Fiction Archive

The Houseguest and Other Stories by Amparo Dávila

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Amparo Dávila’s collection is reminiscent of Shirley Jackson, Franz Kafka, and Edgar Allen Poe, and tests the limits of fiction.

Unfurled by Michelle Bailat-Jones

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In Unfurled, the reader is pulled forward in short, well-crafted chapters that simulate the rough-and-tumble journey through shock, grief, and the revelation of knowledge that the narrator initially rejects—that her mother survived and was in touch with her father.

The Lake on Fire, by Rosellen Brown

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In response to her novel, The Lake on Fire, Rosellen Brown has been compared to both Jane Austen and Tillie Olsen.

The Taiga Syndrome by Cristina Rivera Garza

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Garza's use of language and suspense is so skillful that she can remind us of the artifice of fiction in one moment, holding us up so we can see everything in its place, and in the next push our heads back beneath the surface of its conceit.

After the Winter by Guadalupe Nettel, translated by Rosalind Harvey

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Guadalupe Nettel's writing, in an excellent translation by Rosalind Harvey, is spare, occasionally eerie and always elegant.

Other People’s Love Affairs by D. Wystan Owen

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D. Wystan Owen’s beautiful debut collection is a book to treasure. The ten quiet stories are linked by place, but they are also linked by Owen’s great fascination with understanding the weight of the past on the present.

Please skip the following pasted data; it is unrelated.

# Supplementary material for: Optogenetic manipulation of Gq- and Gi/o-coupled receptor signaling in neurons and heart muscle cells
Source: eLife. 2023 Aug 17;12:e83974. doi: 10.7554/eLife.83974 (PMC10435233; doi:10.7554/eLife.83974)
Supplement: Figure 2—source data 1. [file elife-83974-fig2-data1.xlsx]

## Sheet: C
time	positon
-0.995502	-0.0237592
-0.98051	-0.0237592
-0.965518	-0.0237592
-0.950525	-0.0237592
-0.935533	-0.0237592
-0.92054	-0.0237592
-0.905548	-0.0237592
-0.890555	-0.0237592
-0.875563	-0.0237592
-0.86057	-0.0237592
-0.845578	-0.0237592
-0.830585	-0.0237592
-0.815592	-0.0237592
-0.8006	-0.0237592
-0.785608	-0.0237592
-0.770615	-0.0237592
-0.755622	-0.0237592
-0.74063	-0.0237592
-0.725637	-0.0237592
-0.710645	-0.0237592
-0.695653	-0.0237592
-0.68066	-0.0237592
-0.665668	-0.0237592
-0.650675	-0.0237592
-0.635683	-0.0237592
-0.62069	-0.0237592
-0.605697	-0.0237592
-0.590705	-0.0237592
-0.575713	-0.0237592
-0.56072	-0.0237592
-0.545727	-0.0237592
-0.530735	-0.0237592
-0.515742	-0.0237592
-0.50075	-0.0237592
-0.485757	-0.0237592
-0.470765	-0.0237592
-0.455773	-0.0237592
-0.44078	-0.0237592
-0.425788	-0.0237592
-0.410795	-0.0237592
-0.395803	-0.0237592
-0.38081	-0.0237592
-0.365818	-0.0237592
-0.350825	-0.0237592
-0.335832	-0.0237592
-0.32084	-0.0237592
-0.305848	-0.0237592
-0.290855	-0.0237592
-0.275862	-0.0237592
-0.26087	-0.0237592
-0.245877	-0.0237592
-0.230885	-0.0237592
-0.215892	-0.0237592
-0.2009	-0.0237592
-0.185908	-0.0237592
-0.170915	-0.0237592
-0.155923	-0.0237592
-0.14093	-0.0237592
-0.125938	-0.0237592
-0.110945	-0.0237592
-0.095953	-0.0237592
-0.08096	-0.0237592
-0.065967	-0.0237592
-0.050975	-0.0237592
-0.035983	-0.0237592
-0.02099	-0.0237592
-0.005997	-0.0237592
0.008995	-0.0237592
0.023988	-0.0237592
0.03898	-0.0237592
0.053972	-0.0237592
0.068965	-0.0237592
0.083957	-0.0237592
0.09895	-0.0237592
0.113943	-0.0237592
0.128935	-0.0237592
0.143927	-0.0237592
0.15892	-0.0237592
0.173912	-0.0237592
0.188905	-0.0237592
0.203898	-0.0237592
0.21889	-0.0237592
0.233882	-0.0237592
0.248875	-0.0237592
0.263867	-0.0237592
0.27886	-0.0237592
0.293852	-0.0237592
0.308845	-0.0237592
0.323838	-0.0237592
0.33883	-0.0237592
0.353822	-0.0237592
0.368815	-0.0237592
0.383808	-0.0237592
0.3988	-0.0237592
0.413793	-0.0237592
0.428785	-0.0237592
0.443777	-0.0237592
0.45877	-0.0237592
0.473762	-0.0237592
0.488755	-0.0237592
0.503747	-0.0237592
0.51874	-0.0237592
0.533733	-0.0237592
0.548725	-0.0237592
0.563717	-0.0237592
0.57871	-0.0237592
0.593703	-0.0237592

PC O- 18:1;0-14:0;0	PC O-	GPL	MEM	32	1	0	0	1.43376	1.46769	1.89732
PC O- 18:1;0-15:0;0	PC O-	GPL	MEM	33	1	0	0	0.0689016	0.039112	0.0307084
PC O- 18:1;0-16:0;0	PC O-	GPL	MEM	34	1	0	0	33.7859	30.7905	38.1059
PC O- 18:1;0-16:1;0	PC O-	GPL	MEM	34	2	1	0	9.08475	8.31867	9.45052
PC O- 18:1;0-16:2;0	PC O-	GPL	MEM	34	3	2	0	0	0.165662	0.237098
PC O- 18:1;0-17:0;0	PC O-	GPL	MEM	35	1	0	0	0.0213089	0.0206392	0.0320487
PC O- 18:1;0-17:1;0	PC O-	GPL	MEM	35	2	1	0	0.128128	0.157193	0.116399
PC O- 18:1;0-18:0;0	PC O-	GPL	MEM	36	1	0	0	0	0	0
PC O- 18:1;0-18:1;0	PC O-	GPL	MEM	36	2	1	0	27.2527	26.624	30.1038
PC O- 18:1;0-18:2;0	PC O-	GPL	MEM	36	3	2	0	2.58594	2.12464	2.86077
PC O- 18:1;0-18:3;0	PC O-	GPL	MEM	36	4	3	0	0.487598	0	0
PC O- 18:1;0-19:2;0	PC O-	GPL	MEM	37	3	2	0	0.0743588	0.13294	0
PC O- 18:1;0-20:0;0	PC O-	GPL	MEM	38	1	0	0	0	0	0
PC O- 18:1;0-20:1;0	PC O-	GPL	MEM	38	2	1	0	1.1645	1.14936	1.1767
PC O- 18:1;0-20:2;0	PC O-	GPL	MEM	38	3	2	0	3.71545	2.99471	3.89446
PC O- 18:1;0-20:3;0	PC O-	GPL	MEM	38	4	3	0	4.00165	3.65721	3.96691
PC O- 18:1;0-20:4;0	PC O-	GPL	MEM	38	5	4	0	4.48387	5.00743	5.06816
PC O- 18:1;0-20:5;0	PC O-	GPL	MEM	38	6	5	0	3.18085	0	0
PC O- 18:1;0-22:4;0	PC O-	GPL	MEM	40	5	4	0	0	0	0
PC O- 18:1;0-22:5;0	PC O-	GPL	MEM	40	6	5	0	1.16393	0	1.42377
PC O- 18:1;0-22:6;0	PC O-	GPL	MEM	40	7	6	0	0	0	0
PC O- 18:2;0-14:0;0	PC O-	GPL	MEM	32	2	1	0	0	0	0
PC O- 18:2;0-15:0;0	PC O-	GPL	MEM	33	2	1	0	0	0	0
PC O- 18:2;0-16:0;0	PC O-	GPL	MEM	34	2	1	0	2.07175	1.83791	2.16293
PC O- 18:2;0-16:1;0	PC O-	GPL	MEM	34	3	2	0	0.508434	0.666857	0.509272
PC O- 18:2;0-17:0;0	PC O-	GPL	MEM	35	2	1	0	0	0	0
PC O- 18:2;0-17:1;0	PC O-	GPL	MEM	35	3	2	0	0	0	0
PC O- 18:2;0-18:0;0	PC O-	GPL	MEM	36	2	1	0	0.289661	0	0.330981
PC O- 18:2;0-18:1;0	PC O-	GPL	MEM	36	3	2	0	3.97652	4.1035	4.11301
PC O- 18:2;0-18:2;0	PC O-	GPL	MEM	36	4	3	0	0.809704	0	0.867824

The Third Hotel by Laura van den Berg

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Buoyed by van den Berg's sinuous, marvelous sentences, the novel is a deep dive into memory, love, and loss as filtered through film theory, metaphysics, and the humid, sunstroked cityscape of Havana.

The Incendiaries by R. O. Kwon

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The book generates considerable momentum through its short chapters and often gorgeous language, and through the always present search for understanding. It is a difficult book to put down, one whose images and ideas remain long after the read.

The Secret Habit of Sorrow by Victoria Patterson

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Each story is short yet encompassing, and while the plots don't connect, the collection coheres thematically. Nearly all of the protagonists and those characters eddying around them feel this secret habit of sorrow.

From a Low and Quiet Sea by Donal Ryan

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Ryan’s fourth novel clocks in at just under two hundred pages, and for most writers, telling the story of multiple characters in such a small space would be a challenge. But this book contains worlds. The reader is always searching for those connections, the echoes and strands that insist